The swift RCMP advance into HQ on that Monday morning ultimately led to chaos. The camp’s only source of internet was taken. Hundreds more people were arrested over the course of this latest incursion, bringing the total number of arrests since enforcement began in May to almost 800. Those who had travelled to Victoria would return to find police prohibiting re-entry, preventing them from gathering their belongings or checking on loved ones. Outside the police gate, we found one man begging police to be allowed to go in and gather his daughter’s medications.
As has been the case throughout the last few months, the police told journalists where we could stand and when we could report, severely limiting our ability to do our jobs.
On Wednesday, we try to visit HQ, but the police deny us media access. The RCMP liaison at the police-installed gate insists we need an “escort” in order to enter, but no one is available to escort us.
Canadians are used to hearing about journalists being targeted and arrested for doing their jobs in repressive countries, but media access in our own backyard has become a global concern.
The B.C. Supreme Court’s July ruling found that the broad exclusion zone and associated restrictions on journalists being implemented by the RCMP at Fairy Creek were unlawful. A coalition of press organizations, including Ricochet, took the RCMP to court over the issue of media access and won.
This is why we find ourselves far from the comforts of our homes. We wish we were here to report solely on the story unfolding in these woods. Instead, we have an additional story to cover: Did the court decision do anything? Has the treatment of journalists and media access improved? For the most part, the RCMP has ignored the ruling and continued to restrict access.
A media liaison officer would later tell us that in response to the court ruling, police were no longer escorting journalists, but rather “guiding” them. We asked if that meant we could enter the area without a guide. He laughed and said no. He also told us that the police know what the July court decision says and are “reviewing” it.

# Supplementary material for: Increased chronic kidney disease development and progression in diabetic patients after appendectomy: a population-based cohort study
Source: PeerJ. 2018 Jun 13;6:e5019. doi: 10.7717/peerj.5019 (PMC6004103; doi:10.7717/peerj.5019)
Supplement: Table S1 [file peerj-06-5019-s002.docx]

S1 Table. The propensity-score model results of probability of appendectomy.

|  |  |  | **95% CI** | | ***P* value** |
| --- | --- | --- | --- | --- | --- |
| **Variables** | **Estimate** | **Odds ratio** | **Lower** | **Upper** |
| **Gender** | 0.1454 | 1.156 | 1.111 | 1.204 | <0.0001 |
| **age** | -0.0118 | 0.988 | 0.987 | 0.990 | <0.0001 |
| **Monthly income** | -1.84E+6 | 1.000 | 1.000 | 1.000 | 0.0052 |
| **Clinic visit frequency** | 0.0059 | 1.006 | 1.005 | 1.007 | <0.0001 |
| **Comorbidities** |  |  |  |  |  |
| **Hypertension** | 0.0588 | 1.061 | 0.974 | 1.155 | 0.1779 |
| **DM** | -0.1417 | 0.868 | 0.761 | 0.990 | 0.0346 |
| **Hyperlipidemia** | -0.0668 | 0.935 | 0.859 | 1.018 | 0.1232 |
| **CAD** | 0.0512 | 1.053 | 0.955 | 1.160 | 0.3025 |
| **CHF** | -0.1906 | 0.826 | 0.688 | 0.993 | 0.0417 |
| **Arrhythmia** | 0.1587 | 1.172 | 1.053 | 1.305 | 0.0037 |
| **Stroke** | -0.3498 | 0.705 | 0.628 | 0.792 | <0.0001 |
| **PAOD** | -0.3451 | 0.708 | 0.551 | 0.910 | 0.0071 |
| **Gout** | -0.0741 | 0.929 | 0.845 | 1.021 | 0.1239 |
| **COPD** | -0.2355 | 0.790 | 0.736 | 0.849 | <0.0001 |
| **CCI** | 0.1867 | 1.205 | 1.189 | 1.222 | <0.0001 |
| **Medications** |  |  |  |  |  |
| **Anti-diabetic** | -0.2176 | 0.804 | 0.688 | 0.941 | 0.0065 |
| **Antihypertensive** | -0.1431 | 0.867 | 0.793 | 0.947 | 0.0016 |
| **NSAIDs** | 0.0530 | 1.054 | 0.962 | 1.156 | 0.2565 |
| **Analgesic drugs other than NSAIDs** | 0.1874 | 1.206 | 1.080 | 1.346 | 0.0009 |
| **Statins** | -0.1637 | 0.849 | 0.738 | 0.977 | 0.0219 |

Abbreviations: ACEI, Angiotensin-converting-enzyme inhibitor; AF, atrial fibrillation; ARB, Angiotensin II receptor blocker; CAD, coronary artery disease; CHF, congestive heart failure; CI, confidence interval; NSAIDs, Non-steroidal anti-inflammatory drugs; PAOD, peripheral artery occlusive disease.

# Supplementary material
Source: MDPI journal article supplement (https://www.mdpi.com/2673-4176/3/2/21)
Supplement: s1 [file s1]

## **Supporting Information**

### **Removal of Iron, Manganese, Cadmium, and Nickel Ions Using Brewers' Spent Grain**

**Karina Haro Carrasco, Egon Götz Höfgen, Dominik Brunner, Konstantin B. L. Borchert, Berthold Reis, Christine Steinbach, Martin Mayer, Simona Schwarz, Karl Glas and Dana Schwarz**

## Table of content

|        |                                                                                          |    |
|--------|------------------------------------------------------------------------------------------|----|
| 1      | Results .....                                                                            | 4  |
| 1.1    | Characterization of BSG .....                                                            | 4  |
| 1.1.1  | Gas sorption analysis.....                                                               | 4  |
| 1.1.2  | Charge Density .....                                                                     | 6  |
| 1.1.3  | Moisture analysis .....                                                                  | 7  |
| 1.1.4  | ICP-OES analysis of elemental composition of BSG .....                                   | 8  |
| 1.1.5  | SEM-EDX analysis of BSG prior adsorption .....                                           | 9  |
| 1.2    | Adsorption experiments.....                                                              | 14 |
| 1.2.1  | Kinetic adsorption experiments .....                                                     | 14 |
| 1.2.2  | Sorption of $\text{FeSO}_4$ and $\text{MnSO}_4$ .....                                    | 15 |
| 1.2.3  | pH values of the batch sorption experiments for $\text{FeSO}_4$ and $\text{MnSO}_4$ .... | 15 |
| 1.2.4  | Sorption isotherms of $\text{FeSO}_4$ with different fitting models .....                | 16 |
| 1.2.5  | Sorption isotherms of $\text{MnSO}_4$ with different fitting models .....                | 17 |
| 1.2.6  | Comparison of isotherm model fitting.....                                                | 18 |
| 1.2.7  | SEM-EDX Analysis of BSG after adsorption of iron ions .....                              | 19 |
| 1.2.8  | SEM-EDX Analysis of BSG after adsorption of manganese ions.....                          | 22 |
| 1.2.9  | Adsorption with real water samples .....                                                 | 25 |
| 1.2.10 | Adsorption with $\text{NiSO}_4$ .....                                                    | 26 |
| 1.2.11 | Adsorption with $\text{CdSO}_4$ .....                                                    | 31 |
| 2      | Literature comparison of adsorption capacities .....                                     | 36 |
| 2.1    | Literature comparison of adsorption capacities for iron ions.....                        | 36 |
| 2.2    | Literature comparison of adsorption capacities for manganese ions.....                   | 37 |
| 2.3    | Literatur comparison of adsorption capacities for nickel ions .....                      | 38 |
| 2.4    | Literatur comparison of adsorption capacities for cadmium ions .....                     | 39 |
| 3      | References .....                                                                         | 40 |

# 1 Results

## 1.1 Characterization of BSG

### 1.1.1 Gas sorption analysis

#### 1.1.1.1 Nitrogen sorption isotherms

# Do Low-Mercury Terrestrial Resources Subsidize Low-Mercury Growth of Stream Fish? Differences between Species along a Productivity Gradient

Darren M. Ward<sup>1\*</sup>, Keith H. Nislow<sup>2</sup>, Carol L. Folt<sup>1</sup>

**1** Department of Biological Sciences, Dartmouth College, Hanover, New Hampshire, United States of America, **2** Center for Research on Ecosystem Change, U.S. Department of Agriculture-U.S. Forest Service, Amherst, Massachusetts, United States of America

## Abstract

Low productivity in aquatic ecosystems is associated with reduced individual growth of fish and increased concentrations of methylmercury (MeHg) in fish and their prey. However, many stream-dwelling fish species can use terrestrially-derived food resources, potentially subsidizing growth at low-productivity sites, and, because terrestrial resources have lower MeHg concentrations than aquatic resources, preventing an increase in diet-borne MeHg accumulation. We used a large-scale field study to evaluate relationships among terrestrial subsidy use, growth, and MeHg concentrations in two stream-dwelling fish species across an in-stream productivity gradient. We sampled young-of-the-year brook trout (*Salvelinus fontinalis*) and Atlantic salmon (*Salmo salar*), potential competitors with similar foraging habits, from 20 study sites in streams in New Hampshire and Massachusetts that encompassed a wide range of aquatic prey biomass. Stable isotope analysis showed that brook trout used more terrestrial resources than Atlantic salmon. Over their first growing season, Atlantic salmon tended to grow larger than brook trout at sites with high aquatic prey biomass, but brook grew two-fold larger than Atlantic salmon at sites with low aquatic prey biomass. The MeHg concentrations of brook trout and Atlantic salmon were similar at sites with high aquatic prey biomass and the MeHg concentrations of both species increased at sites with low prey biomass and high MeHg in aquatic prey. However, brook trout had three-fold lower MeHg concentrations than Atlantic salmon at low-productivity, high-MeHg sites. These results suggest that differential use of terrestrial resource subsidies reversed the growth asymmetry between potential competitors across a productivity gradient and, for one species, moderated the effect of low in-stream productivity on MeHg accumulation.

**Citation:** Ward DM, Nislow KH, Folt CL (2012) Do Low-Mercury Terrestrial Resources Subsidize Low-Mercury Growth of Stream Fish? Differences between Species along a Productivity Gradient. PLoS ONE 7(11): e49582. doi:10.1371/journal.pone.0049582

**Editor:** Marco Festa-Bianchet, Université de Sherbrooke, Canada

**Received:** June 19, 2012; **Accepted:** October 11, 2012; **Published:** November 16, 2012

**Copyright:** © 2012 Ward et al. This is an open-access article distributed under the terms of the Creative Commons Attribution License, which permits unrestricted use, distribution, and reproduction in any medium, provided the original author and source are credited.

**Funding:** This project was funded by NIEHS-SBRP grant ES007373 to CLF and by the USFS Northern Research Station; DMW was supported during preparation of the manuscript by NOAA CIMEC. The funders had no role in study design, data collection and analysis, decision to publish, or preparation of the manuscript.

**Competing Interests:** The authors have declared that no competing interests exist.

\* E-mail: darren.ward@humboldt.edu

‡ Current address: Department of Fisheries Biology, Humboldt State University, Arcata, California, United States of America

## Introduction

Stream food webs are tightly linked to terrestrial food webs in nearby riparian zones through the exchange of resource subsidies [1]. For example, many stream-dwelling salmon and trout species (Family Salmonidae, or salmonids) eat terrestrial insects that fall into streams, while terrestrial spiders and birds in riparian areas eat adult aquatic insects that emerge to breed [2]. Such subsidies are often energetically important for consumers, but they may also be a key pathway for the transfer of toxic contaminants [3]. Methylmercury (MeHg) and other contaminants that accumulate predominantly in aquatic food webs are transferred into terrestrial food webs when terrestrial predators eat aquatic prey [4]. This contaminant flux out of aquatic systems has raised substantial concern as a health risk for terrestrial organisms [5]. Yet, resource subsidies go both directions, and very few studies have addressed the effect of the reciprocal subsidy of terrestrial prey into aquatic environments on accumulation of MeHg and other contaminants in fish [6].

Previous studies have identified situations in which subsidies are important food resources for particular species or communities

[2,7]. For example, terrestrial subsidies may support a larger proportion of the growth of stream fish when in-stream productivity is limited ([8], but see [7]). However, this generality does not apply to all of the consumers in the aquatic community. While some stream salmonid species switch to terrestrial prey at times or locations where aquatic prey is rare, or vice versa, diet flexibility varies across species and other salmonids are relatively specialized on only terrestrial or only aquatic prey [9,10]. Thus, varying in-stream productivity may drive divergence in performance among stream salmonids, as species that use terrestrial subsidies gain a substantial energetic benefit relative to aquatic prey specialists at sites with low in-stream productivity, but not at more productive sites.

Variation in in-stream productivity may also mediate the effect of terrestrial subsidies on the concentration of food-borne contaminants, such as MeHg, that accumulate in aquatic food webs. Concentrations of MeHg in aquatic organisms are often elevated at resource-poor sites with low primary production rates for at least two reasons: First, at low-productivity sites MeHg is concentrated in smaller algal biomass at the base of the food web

‘It’s illegal because I’ll arrest you’
After we are refused access to HQ on Wednesday, we turn to Plan B: visit Waterfall camp. We haven’t been there in a few days, and we want to see how protesters’ spirits are holding up, and what the police presence is like.
We drive up the quiet road that will take us to the isolated camp. Our car is almost out of gas and can’t manage the steep trail and exposed rock. We pull over and start walking the final kilometre. Daylight fades quickly. This hike is our final chance of the day to get more information out to the wider world.
As we walk the last half-kilometre to Waterfall, an unmarked black truck stops in front of us. We’re used to this song and dance — we’ll explain that we’re journalists, share our intended destination, maybe even get a ride in the air-conditioned cab. We greet the two RCMP officers as we usually do, with disarming hellos and sweating hands. We’re doing nothing wrong. In fact, the courts have sanctioned our work here.
Now, though, one of the officers yells at us from the black truck. “You’re turning around.”
Clay approaches the passenger side, but before they can open their mouth to say anything, the officer has gotten out of his truck and is towering over them, still yelling.
Trying to buy time, Clay asks, rhetorically, if it is illegal for us to walk past him.
“It’s illegal because I’ll arrest you,” he says.
Struck by the circular reasoning, Clay asks the question again for clarity. He’s flustered, turning red. “Turn around now or I’ll arrest you!” He reaches to open the back of his truck. This is not the air-conditioned ride we were hoping for.
Now we’re walking away, fast. It’s impossible to run: the road is steep and full of holes and gravel over large exposed rocks.
The officer is hot on Aleisha’s heels, grabbing for her backpack.
“If I grab you, I’m going to take you!” he threatens repeatedly.
“Why would you do that?” Aleisha asks as she narrowly escapes his reach. It’s a good question. He does not answer.